Our hope is that this concerted effort will eventually allow the native plants to become established, creating a more biodiverse and healthy riparian ecosystem.
May 2021, nursery for long-toed salamanders
For the past year, we have worked with the City of Nanaimo to restore the riparian area in reach 2 (read more here). Between the crushed gravel path and the creek there is a shallow pool with some water flowing through it. With help from Elke Wind, herpetologist and wetland specialist, we investigated this area for potential wetland enhancement. The City of Nanaimo generously supplied an excavator and operator (Ryan) to dig test pits so we could examine the underground soil structure and better understand how water moves through this area.
Ryan excavated 5 test pits so we could see if the water flowing through the wetland area is surface water or groundwater. We determined that it is surface water, possibly flowing from the north (ie. Shores Drive access to Neck Point).
The pits filled up with water, so after filling the holes back up they were very soft (like quicksand). Ryan placed boulders and logs over top, and we flagged where the pits were. We did not expect the sandy substrate underneath the shale rock on the surface!
As far as wetland enhancement - Elke suggested we could put in a pond liner with wetland plants around the periphery, or watch the existing surface water and plan to enhance what's there. Elke's advice either way is to watch the water level and flow before making further plans.
The wetland area after our investigations.
Our annual invasive removal in Morningside Park looked a little different this year. With schools closed and everyone practicing physical distancing, we relied on a small group of friends and family to tackle invasives in Morningside Park. Thistle, Daphne, and Ivy out-compete native plants like Oregon grape, ocean spray, and tiny fir and Cedar for sunlight and nutrients. By removing as many invasives as possible, we hope to encourage the diverse native plants to thrive.
Illegal dumping of yard waste continues to be a problem in Morningside Park. Year after year we discover leaves, grass clipping, and even Christmas trees dumped over people's fences into the sensitive riparian area. Years ago someone broke up an old patio and threw the concrete chunks and fence post footings "away". "Out of sight, out of mind" behaviour degrades the slope stability, causes erosion, smothers native plants that are stabilizing the bank and providing shade, and can crush/impede wildlife. Through talking to residents who back onto the creek, we know that most neighbors understand the importance of properly disposing of yard waste. However, a part of restoration still includes removing materials that have been illegally dumped. We're hoping our continued work and outreach eradicates this problem!
Project area in Morningside Park BEFORE thinning, January 2018
On October 25 Walley Creek Streamkeepers met with Rob Lawrance and Margaret Pimlott from the City of Nanaimo, along with Dave Clough, RPBio, to create a plan for improving the biodiversity in a part of the riparian area in Morningside Park. City arborists then helped thin an unhealthy stand of fir and alder that had self-seeded in an area full of rock fill. This created space for volunteers to plant a variety of native plants to increase the biodiversity of this area, and improve the water-retention qualities of a wetland area adjacent to the creek.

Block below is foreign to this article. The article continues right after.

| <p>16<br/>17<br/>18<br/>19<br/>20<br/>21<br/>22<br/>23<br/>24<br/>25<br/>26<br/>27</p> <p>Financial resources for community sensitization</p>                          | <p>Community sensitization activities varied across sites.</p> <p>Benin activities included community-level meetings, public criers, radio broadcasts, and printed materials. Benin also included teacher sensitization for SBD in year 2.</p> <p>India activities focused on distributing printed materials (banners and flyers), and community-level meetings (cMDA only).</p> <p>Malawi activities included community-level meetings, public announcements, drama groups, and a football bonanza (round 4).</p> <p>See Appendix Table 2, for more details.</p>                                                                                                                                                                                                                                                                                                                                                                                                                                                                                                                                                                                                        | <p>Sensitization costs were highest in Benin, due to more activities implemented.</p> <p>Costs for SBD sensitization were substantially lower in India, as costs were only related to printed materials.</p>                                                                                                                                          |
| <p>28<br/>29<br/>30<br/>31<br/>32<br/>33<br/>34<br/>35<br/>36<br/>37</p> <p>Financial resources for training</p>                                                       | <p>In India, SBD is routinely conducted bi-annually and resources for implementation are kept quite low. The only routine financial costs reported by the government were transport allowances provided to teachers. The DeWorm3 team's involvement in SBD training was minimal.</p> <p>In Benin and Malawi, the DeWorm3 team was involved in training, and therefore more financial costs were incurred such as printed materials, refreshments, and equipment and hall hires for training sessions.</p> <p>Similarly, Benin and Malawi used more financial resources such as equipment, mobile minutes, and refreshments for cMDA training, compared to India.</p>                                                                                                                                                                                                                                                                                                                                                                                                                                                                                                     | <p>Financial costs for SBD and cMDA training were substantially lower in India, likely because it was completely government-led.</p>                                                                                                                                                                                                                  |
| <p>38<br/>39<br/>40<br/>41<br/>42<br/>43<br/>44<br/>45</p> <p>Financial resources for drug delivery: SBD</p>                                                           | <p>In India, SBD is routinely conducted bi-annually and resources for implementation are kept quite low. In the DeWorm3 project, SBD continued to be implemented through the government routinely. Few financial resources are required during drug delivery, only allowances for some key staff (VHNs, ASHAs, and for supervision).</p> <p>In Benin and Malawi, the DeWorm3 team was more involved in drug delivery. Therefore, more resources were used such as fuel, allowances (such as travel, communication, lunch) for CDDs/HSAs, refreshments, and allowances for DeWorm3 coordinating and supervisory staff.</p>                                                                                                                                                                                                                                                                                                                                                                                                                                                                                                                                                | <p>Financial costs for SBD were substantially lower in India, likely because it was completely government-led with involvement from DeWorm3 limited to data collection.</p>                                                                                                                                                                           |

Project area in Morningside Park DURING thinning/before planting, facing the gravel path and Ecole Hammond Bay Elementary.
Project area AFTER planting, facing the creek and houses that back onto Walley Creek along Hammond Bay Road.
35 volunteers came out November 8, 2019 to help us improve the biodiversity in Morningside Park (Reach 2 of Walley Creek). They created polygons out of logs, moved 15 yards of topsoil and 7 yards of mulch, then planted 260 native plants and trees including snowberry, Indian Plum (Oemlaria), swordfern, Oregon grape, Douglas Fir, Western Red Cedar and pine. The day was a great success!
High school volunteers from Dover Bay and Nanaimo & District Secondary schools brought energy and enthusiasm to the planting day. Rob Lawrance and Deb Beck from the City of Nanaimo volunteered their time, as well as many volunteers from the Nanaimo & Area Land Trust, Departure Creek Streamkeepers, and Snunuemuxw First Nation. We are so grateful to all the volunteers that came out and gave time, energy and expertise to this project!
Each week since June we've been carefully watering the Oregon grape, ferns, Nootka rose, Snowberry, and Salmonberry that were planted in the riparian area back in March. We are careful not to let any treated "tap" water enter the creek, but volunteers soak the mulch and soil enough that the plants have a chance to get established this spring/summer. We have also spent many hours pulling invasive thistles along the gravel path. This area was disturbed in 2015 when the RDN upgraded the wastewater outfall at Morningside Drive. The City then replanted both sides of the path and installed an irrigation system to support Maple trees, Salal, Oregon grape and ferns until they were established. The irrigation system is no longer being used, and the native plants are being choked out by opportunistic weeds. While we focus on the riparian area and salmon habitat, we recognize the importance of this park land as a corridor and habitat for many other animals. This is one of many tasks we take on in this "adopted" park.